This essay was originally posted to The Monkey Cage.
On Tuesday, news broke — in rather sensational fashion — that U.S. intelligence agencies had briefed both President Obama and President-elect Donald Trump on the possibility that Russia possesses compromising information on Trump. While questions continue to swirl about the veracity of this (and other) claims in the “Trump Dossier,” as David Filipov and Andrew Roth have pointed out here at The Washington Post, the idea that Russia could have tried to gather “kompromat” on Trump, as such material is known in Russian, does not come as a surprise to longtime Russia watchers.
For further clarification, I reached out to American University political scientist Keith Darden, who has been studying the use of kompromat in the post-Soviet space for years. What follows is a lightly edited version of our conversation.
Joshua Tucker (JT): What exactly is kompromat?
Keith Darden (KD): Kompromat is literally compromising material. It typically involves documented evidence of illegal activity, particularly financial crimes or corruption for which someone could be subject to arrest and imprisonment if the information were to come to light and be prosecuted. Kompromat can also involve morally compromising information.
One of the most famous cases in Russia was the release of a video of a man who “strongly resembled” State Prosecutor (the Russian equivalent of Attorney General) Yuri Skuratov, cavorting in bed in a Moscow hotel room with two prostitutes. Since that time, the release of kompromat of a sexual nature on a high-level official is often referred to as getting “the Skuratov treatment.” But most kompromat never comes to light. After it is released, it ceases to be useful to those who hold it.
JT: Why is that? How does kompromat involving political figures work differently in politics in the former Soviet states?
KD: Good question. In U.S. political campaigns, we have opposition research or digging up dirt — or kompromat — on rival candidates, but the goal is always to bring the material to light in order to damage the opposing candidate and help your candidate win. The material gets released.
In the former Soviet states, where the legacy of the KGB is still very strong, kompromat is systematically collected and held in trust as a way to exert influence and control over people, particularly members of the political elite. It is rare that the material is actually released. Instead, information about illegal activities is collected by the security services, by private entities, and used to control people through blackmail.
The logic is simple: If you know that “the services” have a file on you, with information that could get you arrested or destroy your career, you are not very likely to step out of line politically. You might find yourself asked to perform favors for the people who hold that information.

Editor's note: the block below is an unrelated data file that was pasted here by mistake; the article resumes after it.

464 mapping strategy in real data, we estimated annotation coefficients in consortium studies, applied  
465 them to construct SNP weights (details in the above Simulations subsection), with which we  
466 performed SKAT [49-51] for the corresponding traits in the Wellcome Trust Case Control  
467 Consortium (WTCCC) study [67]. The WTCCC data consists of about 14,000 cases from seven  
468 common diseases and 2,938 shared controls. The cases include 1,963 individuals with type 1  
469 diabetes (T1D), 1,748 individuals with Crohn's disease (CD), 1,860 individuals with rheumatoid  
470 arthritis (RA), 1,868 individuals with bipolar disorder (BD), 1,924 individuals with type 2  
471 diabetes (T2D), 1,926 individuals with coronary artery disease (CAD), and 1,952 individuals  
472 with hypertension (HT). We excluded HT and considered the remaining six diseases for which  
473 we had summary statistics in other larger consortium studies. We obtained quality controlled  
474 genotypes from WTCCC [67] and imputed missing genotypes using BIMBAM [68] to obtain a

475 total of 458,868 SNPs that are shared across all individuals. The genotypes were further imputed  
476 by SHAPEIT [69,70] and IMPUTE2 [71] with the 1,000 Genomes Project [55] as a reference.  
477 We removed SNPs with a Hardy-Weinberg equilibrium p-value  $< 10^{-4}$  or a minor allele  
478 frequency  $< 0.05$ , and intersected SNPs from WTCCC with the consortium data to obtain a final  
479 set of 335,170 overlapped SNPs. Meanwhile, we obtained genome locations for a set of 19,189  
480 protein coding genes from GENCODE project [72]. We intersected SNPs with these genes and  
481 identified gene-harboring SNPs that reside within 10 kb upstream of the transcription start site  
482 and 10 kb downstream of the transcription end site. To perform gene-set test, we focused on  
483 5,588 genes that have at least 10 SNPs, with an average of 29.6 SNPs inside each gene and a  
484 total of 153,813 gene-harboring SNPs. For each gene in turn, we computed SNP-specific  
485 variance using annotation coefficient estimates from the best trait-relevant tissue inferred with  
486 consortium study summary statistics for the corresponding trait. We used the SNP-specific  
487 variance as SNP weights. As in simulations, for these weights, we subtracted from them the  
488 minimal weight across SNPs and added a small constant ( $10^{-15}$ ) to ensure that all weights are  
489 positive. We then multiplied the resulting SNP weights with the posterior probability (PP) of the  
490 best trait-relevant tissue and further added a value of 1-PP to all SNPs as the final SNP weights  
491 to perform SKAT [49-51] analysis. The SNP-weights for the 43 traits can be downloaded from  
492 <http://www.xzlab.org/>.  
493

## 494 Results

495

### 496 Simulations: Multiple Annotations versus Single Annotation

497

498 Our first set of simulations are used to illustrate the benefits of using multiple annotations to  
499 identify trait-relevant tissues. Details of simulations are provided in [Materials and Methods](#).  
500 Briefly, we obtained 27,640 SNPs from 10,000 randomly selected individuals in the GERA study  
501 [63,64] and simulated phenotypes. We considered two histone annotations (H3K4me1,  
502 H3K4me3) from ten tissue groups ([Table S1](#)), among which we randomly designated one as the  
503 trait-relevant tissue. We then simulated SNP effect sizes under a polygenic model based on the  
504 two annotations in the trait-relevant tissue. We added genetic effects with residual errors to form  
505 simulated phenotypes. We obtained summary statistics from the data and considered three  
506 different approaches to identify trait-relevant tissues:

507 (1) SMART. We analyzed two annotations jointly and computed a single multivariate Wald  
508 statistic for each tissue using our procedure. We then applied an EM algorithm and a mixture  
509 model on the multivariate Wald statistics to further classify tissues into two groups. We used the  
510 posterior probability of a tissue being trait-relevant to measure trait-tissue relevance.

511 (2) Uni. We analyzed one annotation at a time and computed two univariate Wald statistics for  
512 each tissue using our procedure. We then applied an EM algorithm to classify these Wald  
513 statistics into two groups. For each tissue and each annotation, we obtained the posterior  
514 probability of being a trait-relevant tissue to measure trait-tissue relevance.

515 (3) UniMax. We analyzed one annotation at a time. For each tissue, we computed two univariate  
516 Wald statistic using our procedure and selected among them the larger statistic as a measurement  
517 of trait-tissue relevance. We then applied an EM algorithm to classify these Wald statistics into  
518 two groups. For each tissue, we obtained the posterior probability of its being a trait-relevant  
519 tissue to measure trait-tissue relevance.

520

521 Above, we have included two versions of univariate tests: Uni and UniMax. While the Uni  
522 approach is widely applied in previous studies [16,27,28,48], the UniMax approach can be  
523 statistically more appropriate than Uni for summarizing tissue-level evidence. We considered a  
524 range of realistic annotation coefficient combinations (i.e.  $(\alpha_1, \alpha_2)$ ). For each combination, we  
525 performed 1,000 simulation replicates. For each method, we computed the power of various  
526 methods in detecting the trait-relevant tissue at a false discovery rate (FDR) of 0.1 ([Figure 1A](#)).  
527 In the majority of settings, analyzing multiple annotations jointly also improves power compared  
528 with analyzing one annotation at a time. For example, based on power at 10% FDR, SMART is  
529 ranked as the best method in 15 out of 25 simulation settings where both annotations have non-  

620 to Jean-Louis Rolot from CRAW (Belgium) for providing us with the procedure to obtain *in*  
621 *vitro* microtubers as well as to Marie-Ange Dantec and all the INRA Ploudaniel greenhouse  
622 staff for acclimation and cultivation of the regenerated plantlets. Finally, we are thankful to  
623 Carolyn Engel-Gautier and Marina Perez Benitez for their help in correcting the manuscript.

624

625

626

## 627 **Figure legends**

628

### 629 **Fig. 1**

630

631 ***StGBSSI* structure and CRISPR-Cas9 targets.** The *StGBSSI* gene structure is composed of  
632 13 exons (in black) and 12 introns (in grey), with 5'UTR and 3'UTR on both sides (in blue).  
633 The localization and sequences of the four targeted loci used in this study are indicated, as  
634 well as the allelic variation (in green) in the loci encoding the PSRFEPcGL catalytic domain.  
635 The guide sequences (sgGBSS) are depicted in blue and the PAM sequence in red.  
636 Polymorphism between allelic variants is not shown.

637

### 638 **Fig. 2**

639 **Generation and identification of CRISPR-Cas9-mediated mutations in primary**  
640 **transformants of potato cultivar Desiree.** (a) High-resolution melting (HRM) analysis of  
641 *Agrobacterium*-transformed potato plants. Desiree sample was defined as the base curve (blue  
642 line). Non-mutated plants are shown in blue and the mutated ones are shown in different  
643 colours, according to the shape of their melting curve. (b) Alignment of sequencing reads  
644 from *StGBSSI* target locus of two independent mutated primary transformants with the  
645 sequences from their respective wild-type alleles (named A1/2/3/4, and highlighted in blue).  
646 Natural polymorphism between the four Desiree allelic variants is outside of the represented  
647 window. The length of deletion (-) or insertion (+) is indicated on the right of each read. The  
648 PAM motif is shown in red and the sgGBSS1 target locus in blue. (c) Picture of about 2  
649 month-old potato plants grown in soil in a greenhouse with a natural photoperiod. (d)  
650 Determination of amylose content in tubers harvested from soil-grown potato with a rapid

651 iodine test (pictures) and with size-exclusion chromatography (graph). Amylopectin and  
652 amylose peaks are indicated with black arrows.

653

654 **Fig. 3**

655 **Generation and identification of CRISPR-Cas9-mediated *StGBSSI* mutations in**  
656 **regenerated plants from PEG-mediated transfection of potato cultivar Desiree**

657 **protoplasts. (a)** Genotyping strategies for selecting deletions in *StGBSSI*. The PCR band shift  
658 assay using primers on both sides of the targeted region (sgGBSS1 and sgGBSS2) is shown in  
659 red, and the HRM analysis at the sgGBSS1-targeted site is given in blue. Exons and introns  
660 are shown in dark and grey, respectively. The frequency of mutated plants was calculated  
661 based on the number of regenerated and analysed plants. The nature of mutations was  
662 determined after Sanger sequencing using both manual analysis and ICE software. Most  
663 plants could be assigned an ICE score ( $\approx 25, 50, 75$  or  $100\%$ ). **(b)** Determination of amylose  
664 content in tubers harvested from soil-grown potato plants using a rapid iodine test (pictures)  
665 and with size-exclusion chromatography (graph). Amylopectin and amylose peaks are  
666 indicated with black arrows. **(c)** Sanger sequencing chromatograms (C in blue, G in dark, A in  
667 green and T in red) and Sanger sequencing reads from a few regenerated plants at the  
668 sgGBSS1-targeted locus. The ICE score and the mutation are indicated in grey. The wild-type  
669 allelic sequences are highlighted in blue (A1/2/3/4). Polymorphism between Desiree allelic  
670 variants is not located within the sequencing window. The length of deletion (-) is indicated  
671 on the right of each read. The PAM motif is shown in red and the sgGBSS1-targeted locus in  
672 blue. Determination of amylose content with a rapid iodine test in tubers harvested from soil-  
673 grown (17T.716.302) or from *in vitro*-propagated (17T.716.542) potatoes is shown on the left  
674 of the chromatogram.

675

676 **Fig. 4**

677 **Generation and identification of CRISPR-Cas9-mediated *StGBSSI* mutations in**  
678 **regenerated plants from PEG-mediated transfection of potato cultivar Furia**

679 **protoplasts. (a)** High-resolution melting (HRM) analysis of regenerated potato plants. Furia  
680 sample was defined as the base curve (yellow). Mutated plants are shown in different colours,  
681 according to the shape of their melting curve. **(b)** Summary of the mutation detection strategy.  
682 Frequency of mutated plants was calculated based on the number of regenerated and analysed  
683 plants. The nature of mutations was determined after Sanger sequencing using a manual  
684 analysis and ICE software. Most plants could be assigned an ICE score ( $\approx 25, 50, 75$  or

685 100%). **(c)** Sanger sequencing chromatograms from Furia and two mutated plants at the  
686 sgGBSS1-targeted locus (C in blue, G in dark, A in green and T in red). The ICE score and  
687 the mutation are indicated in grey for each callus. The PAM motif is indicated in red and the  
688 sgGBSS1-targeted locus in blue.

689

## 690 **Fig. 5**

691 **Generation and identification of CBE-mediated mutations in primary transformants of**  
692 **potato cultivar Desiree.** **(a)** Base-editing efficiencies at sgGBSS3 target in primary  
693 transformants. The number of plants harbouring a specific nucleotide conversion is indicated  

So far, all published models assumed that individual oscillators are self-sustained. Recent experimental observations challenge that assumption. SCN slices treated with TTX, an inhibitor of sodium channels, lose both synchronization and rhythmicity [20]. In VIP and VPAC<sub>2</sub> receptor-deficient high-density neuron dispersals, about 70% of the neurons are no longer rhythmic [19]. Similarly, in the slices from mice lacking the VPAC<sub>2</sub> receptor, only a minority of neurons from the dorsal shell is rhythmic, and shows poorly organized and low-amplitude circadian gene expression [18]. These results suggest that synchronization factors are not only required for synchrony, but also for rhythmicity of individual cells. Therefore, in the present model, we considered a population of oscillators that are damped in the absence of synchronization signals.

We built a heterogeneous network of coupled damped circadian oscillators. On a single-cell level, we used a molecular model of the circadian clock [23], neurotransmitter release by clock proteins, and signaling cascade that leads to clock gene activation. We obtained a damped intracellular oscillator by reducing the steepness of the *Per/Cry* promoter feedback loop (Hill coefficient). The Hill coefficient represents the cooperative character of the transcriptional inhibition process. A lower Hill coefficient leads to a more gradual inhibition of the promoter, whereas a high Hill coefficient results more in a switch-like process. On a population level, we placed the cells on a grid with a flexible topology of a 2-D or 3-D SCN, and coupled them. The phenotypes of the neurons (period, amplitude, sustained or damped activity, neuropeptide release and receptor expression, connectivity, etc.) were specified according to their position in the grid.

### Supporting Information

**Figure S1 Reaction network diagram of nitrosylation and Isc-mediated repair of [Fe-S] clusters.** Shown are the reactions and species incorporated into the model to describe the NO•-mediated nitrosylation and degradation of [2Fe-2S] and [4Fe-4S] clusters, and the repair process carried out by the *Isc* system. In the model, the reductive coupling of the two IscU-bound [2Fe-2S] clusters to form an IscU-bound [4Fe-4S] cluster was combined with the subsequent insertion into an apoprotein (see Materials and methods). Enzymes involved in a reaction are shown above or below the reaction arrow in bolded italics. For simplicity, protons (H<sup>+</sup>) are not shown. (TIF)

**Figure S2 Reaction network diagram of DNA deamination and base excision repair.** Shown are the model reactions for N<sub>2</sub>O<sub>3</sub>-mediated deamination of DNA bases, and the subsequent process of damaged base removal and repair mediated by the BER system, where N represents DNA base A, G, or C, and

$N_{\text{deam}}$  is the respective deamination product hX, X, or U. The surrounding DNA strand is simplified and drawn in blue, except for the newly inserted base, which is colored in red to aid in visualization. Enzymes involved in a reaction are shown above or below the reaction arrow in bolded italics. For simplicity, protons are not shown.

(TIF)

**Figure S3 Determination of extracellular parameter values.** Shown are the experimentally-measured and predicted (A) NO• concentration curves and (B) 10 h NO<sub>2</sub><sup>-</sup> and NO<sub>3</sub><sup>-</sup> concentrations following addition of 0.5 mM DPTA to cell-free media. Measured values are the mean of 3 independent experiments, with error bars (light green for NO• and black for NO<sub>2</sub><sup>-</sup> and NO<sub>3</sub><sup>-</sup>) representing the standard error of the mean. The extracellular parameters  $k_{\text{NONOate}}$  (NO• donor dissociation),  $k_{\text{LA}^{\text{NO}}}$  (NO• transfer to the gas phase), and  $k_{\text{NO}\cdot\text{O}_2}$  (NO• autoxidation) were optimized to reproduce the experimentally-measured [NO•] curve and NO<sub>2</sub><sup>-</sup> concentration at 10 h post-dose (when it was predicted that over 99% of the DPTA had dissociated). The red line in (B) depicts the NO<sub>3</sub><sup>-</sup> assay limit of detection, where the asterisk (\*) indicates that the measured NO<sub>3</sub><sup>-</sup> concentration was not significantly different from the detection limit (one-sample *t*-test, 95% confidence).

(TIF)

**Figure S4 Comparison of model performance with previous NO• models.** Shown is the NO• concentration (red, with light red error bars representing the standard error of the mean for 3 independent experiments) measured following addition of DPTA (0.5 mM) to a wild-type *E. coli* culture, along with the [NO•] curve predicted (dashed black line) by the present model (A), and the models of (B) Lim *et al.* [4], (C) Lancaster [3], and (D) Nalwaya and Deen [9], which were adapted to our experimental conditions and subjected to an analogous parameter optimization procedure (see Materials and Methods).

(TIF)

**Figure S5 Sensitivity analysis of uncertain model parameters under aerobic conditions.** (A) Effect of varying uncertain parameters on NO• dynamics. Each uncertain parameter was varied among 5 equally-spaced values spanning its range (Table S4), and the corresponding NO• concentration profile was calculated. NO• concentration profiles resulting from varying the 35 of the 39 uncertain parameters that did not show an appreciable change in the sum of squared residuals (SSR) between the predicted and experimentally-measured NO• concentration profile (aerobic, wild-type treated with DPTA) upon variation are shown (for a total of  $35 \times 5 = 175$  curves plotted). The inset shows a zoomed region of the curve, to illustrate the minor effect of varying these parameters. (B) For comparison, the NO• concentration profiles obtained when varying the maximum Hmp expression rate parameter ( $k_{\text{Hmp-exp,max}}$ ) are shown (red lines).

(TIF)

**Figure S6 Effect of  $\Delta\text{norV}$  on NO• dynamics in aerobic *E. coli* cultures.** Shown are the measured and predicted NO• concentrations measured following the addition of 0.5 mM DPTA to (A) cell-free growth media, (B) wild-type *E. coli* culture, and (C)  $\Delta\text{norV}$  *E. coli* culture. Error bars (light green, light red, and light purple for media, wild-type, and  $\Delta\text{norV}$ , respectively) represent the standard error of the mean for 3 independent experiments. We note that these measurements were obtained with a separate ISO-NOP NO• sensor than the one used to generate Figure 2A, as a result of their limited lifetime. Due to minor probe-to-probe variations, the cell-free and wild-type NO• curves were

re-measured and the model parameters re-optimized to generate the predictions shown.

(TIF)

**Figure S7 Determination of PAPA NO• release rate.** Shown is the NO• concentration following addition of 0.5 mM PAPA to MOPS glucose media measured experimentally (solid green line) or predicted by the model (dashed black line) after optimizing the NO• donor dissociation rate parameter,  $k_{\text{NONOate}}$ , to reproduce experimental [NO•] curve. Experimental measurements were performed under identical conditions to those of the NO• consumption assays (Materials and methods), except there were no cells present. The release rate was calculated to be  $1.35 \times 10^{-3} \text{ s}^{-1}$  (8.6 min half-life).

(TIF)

In post-Soviet societies where you previously had extensive domestic spying and surveillance operations, and corruption is widespread, the use of blackmail is systematic and is one of the bases for maintaining political control. This is why when you see a member of the elite — like Mikhail Khodorkovsky in Russia or Yulia Tymoshenko in Ukraine — mount a political challenge, it suddenly comes to light that they cheated on their taxes, embezzled funds or committed some other crime that warrants their arrest.
The widespread use of kompromat as a way to keep the elite of a society under control is why in the past I have referred to some of the post-Soviet states — and Ukraine in particular — as “blackmail states.” I had a laugh this morning when I read that the former head of the FSB, Russia’s KGB successor organization, said that they are not in the business of collectingkompromat. It is their stock in trade. It is the tradecraft of most intelligence services.
JT: How plausible is it that someone in Russia has kompromat on Donald Trump? And what effect would that material be likely to have?
KD: If Trump committed any questionable financial transactions involving Russian money, or had any sexual transgressions on his trips to Moscow, it is very likely that those episodes would be documented — either by the FSB or by his business partners in the hope of using that information for future influence and leverage.
The Financial Times has run several stories discussing some of Trump’s links to Russian money. And as a result of the campaign, we know more than we want to about his sexual advances and predilections. The possibility of Trump falling for a Russian “honey pot” paid to be receptive to his sexual overtures seems plausible enough.
Even if we ignore the recently released material — and there is a good case for doing that — other information in the public record is the sort of material that might prevent a typical American from getting a security clearance, precisely on the grounds that they could be subject to blackmail by a foreign power. But it appears that we as Americans have decided this does not preclude someone from qualifying for president of the United States.
And herein perhaps lies the silver lining in the “golden” rain cloud. Would it really change anyone’s views of Donald Trump to learn that he cavorted with young women on his trips to Moscow, perhaps unaware that they were prostitutes working for the Russian mob or Russian intelligence? Probably not. And if not, it would make whatever the Russians or anyone else might have on Trump less effective as a means of blackmail and influence.
Illegal actions might matter more, of course. If there were financial transactions that violated U.S. law, this could be grounds for impeachment. But we might just have a president who is so scandalous that he is immune to the political consequences of scandal. In terms of our nation’s vulnerability to potential Russian kompromat, that actually might not be a bad thing.